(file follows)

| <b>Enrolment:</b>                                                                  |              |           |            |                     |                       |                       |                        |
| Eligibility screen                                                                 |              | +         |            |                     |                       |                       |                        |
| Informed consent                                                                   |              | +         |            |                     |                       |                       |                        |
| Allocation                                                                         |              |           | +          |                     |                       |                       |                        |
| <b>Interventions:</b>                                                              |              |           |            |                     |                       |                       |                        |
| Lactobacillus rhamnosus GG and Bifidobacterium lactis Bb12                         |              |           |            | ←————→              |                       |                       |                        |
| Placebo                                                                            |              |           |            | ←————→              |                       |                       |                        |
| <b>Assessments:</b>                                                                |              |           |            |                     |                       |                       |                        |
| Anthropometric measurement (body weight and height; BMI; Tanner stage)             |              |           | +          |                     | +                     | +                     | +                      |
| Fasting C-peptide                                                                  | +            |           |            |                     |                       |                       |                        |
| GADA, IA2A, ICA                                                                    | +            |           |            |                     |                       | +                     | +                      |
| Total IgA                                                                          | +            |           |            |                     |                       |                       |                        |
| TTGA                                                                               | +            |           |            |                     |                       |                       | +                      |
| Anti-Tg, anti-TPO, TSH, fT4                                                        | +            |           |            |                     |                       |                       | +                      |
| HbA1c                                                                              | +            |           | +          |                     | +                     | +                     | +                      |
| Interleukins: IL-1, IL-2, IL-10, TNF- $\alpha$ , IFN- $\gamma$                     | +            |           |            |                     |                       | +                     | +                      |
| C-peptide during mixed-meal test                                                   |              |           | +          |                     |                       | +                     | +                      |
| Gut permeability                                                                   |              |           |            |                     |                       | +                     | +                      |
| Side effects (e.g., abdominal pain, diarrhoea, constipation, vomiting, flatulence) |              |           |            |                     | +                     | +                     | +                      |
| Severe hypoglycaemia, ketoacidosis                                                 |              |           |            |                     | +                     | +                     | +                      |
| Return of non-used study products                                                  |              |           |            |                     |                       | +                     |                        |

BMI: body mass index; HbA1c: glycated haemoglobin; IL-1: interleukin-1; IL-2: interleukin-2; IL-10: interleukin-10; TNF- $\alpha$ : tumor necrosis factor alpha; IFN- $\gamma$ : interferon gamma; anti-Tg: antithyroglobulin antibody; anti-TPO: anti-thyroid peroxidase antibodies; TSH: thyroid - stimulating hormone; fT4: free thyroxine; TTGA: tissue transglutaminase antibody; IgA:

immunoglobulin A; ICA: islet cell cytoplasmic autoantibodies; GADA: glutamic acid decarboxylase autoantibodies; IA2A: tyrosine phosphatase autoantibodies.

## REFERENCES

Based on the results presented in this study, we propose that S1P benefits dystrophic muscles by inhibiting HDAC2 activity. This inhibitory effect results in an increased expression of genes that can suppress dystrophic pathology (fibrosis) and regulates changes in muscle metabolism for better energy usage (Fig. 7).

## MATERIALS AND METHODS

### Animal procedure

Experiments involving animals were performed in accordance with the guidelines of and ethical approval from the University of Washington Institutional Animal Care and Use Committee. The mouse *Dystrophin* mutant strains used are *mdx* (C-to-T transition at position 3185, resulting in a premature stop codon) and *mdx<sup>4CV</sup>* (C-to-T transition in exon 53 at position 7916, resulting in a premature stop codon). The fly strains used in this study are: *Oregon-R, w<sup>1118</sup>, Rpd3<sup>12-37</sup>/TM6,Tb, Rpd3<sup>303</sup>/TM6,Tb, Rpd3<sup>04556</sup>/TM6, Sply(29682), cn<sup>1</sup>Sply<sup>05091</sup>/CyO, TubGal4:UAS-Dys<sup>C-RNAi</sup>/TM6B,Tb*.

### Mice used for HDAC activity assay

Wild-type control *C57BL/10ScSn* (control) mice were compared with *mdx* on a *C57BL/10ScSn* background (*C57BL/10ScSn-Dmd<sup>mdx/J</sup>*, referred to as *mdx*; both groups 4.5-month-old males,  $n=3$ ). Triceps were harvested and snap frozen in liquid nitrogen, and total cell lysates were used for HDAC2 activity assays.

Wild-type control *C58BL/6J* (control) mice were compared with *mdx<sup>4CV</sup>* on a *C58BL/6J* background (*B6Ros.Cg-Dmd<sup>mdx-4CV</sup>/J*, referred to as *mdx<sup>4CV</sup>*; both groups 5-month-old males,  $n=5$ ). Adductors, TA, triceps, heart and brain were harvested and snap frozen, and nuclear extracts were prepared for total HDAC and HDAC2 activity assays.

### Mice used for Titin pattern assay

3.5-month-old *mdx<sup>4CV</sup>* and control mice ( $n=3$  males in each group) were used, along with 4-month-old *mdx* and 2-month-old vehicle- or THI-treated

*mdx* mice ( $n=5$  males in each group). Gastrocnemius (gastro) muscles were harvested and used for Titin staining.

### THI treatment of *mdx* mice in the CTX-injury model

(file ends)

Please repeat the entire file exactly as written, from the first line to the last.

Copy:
| <b>Enrolment:</b>                                                                  |              |           |            |                     |                       |                       |                        |
| Eligibility screen                                                                 |              | +         |            |                     |                       |                       |                        |
| Informed consent                                                                   |              | +         |            |                     |                       |                       |                        |
| Allocation                                                                         |              |           | +          |                     |                       |                       |                        |
| <b>Interventions:</b>                                                              |              |           |            |                     |                       |                       |                        |
| Lactobacillus rhamnosus GG and Bifidobacterium lactis Bb12                         |              |           |            | ←————→              |                       |                       |                        |
| Placebo                                                                            |              |           |            | ←————→              |                       |                       |                        |
| <b>Assessments:</b>                                                                |              |           |            |                     |                       |                       |                        |
| Anthropometric measurement (body weight and height; BMI; Tanner stage)             |              |           | +          |                     | +                     | +                     | +                      |
| Fasting C-peptide                                                                  | +            |           |            |                     |                       |                       |                        |
| GADA, IA2A, ICA                                                                    | +            |           |            |                     |                       | +                     | +                      |
| Total IgA                                                                          | +            |           |            |                     |                       |                       |                        |
| TTGA                                                                               | +            |           |            |                     |                       |                       | +                      |
| Anti-Tg, anti-TPO, TSH, fT4                                                        | +            |           |            |                     |                       |                       | +                      |
| HbA1c                                                                              | +            |           | +          |                     | +                     | +                     | +                      |
| Interleukins: IL-1, IL-2, IL-10, TNF- $\alpha$ , IFN- $\gamma$                     | +            |           |            |                     |                       | +                     | +                      |
| C-peptide during mixed-meal test                                                   |              |           | +          |                     |                       | +                     | +                      |
| Gut permeability                                                                   |              |           |            |                     |                       | +                     | +                      |
| Side effects (e.g., abdominal pain, diarrhoea, constipation, vomiting, flatulence) |              |           |            |                     | +                     | +                     | +                      |
| Severe hypoglycaemia, ketoacidosis                                                 |              |           |            |                     | +                     | +                     | +                      |
| Return of non-used study products                                                  |              |           |            |                     |                       | +                     |                        |

BMI: body mass index; HbA1c: glycated haemoglobin; IL-1: interleukin-1; IL-2: interleukin-2; IL-10: interleukin-10; TNF- $\alpha$ : tumor necrosis factor alpha; IFN- $\gamma$ : interferon gamma; anti-Tg: antithyroglobulin antibody; anti-TPO: anti-thyroid peroxidase antibodies; TSH: thyroid - stimulating hormone; fT4: free thyroxine; TTGA: tissue transglutaminase antibody; IgA:

immunoglobulin A; ICA: islet cell cytoplasmic autoantibodies; GADA: glutamic acid decarboxylase autoantibodies; IA2A: tyrosine phosphatase autoantibodies.

## REFERENCES

Based on the results presented in this study, we propose that S1P benefits dystrophic muscles by inhibiting HDAC2 activity. This inhibitory effect results in an increased expression of genes that can suppress dystrophic pathology (fibrosis) and regulates changes in muscle metabolism for better energy usage (Fig. 7).

## MATERIALS AND METHODS

### Animal procedure

Experiments involving animals were performed in accordance with the guidelines of and ethical approval from the University of Washington Institutional Animal Care and Use Committee. The mouse *Dystrophin* mutant strains used are *mdx* (C-to-T transition at position 3185, resulting in a premature stop codon) and *mdx<sup>4CV</sup>* (C-to-T transition in exon 53 at position 7916, resulting in a premature stop codon). The fly strains used in this study are: *Oregon-R, w<sup>1118</sup>, Rpd3<sup>12-37</sup>/TM6,Tb, Rpd3<sup>303</sup>/TM6,Tb, Rpd3<sup>04556</sup>/TM6, Sply(29682), cn<sup>1</sup>Sply<sup>05091</sup>/CyO, TubGal4:UAS-Dys<sup>C-RNAi</sup>/TM6B,Tb*.

### Mice used for HDAC activity assay

Wild-type control *C57BL/10ScSn* (control) mice were compared with *mdx* on a *C57BL/10ScSn* background (*C57BL/10ScSn-Dmd<sup>mdx/J</sup>*, referred to as *mdx*; both groups 4.5-month-old males,  $n=3$ ). Triceps were harvested and snap frozen in liquid nitrogen, and total cell lysates were used for HDAC2 activity assays.

Wild-type control *C58BL/6J* (control) mice were compared with *mdx<sup>4CV</sup>* on a *C58BL/6J* background (*B6Ros.Cg-Dmd<sup>mdx-4CV</sup>/J*, referred to as *mdx<sup>4CV</sup>*; both groups 5-month-old males,  $n=5$ ). Adductors, TA, triceps, heart and brain were harvested and snap frozen, and nuclear extracts were prepared for total HDAC and HDAC2 activity assays.

### Mice used for Titin pattern assay

3.5-month-old *mdx<sup>4CV</sup>* and control mice ( $n=3$  males in each group) were used, along with 4-month-old *mdx* and 2-month-old vehicle- or THI-treated

*mdx* mice ( $n=5$  males in each group). Gastrocnemius (gastro) muscles were harvested and used for Titin staining.

### THI treatment of *mdx* mice in the CTX-injury model